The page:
Scientists are developing a portable brain scanner which they hope could aid treatment - and possibly save the lives - of premature and newborn babies.
A helmet contains 32 different light sources
The MONSTIR scanner, developed by University College London, will avoid the need to move critically ill babies to conventional scanning facilities.
This can involve sedation, which carries a degree of risk.
The data produced by the scanner can be used to diagnose and assess conditions such as brain haemorrhages.
It can also help doctors to decide on the best possible treatment.
The researchers, backed by funding from the Engineering and Physical Sciences Research Council and the Wellcome Trust, are now working on how to reduce the size of the scanner, and to improve its speed of operation.
Currently, there are two main ways of performing brain scans on small babies.
Magnetic resonance imaging (MRI) can provide data on brain function, but MRI scanners are large and static, and the baby may need to be sedated and wheeled to the scanner for the procedure to be carried out.
The alternative, ultrasound, can be performed at the cot side and is effective at revealing brain anatomy - but cannot show how the brain is actually functioning.
MONSTIR works by using a technique called optical tomography to generate images showing how the brain is working.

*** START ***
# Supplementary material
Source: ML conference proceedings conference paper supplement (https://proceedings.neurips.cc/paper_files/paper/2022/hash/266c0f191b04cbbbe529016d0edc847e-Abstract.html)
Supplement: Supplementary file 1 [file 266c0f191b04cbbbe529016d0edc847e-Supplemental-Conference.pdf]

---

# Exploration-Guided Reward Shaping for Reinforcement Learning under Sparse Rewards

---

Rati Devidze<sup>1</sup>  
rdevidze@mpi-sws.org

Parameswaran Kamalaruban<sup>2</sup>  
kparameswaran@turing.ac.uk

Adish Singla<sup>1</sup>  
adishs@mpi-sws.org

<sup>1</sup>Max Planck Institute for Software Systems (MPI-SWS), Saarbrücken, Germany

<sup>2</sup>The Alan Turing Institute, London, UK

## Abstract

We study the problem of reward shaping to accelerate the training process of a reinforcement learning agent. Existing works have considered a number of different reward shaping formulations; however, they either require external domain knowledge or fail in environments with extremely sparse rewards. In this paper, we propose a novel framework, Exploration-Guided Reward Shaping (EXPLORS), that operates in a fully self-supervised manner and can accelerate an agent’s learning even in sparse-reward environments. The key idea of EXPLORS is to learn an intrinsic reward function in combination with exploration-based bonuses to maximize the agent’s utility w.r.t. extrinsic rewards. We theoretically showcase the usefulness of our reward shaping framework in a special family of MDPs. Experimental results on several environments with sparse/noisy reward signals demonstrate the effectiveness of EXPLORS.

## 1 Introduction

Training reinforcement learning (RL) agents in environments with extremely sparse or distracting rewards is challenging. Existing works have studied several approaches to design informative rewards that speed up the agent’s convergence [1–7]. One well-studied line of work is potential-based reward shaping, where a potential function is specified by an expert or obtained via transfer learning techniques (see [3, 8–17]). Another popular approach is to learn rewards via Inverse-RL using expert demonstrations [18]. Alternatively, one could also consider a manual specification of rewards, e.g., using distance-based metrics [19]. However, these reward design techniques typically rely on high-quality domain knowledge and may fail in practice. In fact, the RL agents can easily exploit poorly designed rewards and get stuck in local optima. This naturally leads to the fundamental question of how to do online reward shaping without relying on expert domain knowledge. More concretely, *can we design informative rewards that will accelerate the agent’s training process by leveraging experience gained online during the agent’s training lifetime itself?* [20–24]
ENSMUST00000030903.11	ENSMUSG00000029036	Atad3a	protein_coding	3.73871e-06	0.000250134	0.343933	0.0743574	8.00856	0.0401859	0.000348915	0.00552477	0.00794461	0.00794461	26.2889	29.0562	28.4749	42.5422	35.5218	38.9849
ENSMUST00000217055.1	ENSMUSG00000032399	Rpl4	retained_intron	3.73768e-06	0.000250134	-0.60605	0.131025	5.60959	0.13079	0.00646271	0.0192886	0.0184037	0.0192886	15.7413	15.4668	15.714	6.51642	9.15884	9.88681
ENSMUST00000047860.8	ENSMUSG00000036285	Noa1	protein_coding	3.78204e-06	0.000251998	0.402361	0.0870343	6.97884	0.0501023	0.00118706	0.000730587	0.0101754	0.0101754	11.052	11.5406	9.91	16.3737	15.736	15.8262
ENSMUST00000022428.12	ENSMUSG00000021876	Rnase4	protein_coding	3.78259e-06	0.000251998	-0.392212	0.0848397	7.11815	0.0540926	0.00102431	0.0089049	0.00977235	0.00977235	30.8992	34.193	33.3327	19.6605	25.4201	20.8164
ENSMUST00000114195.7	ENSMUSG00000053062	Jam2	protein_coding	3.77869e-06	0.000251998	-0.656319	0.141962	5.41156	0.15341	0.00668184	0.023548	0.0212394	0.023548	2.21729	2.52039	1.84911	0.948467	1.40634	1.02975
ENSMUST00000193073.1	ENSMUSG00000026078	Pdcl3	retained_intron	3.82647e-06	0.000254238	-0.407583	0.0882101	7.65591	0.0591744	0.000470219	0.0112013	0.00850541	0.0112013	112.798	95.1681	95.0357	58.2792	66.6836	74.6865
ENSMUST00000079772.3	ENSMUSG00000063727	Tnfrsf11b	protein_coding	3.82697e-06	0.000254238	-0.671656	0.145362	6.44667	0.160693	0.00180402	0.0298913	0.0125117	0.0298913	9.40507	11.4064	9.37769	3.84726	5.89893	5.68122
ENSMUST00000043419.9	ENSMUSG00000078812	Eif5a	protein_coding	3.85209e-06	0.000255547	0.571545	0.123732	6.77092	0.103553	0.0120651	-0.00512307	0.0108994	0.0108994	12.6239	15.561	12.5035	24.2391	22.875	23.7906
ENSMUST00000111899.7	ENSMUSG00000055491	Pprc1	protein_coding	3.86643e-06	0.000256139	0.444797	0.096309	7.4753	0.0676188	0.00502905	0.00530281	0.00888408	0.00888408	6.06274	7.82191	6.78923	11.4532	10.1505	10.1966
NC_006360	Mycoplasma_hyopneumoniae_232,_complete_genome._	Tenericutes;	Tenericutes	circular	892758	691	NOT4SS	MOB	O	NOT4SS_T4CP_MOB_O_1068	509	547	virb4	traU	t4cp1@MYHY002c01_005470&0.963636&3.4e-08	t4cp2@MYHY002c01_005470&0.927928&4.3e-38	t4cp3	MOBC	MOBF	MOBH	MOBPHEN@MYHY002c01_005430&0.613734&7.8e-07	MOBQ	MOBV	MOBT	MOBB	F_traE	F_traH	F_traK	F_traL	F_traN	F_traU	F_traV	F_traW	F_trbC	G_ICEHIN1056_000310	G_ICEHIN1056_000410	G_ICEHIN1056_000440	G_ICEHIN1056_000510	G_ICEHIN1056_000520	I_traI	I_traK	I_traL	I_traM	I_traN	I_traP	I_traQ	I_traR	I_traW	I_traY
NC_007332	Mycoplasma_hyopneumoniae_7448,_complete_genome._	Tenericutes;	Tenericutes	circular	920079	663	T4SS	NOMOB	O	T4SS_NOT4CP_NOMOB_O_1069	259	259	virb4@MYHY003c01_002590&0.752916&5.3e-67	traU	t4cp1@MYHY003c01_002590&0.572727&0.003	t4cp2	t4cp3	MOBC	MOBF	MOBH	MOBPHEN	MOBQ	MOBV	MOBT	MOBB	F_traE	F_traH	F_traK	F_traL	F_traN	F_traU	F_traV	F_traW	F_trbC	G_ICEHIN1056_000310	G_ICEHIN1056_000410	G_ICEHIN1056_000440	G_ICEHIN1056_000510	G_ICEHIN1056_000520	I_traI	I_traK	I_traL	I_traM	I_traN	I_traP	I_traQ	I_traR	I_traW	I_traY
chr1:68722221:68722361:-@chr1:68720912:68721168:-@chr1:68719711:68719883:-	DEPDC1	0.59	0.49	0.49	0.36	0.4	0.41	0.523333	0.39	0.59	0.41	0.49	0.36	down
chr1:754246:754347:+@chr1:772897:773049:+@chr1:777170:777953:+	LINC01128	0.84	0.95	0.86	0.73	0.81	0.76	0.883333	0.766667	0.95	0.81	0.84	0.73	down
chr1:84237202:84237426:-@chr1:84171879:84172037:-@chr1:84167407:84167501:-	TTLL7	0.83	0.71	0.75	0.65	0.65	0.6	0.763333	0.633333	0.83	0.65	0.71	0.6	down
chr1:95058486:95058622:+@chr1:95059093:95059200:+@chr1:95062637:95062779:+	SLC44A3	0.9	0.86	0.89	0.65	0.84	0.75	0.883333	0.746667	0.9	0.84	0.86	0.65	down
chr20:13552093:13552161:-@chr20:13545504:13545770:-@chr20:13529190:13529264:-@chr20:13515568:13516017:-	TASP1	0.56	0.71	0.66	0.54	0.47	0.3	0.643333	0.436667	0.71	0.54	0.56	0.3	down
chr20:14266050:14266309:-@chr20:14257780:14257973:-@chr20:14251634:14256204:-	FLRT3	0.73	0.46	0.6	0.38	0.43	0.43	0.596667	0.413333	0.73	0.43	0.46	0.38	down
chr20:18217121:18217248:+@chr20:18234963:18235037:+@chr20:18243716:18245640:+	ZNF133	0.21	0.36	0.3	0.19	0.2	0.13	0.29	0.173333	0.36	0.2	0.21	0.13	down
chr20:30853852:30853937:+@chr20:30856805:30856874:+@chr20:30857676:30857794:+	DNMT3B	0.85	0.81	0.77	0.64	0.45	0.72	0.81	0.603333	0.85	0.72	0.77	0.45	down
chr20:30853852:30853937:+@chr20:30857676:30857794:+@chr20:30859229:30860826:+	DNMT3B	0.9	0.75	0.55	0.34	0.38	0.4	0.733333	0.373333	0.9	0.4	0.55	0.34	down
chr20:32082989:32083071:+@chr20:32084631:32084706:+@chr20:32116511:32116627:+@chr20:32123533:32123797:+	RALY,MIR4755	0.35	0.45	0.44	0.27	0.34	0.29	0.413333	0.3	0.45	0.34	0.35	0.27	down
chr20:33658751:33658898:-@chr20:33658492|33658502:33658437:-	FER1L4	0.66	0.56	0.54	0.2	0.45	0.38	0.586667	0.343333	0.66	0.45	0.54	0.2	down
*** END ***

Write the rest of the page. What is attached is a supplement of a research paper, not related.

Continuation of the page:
Light is passed through the body tissues, and then analysed by computer.
A helmet incorporating 32 light detectors and 32 sources of low-intensity laser light is placed on the baby's head.
The sources produce short flashes and the detectors measure the amount of light that reaches them through the brain and the time the light takes to travel.
A software package uses this information to build up a 3D image.
This can show which parts of the brain are receiving oxygen, where blood is situated, and evidence of brain damage. The UCL team are also testing whether the technology could be useful in diagnosing and treating breast cancer.
Researcher Dr Adam Gibson said: "The technology we're developing has the potential to produce high-quality images at the cot side and is also cheaper than MRI.
"It could make an important contribution to the care and treatment of critically ill babies."
It is hoped the scanners could be commercially available within a few years.
Henry Scowcroft, of the charity Cancer Research UK, said: "This is exciting work. Finding out what is going on inside the body quickly and non-invasively is an important goal for medical researchers.
"Current technology such as MRI and PET is extremely valuable but also expensive and cumbersome to use.
"Developing a smaller, more mobile imaging machine would be extremely useful."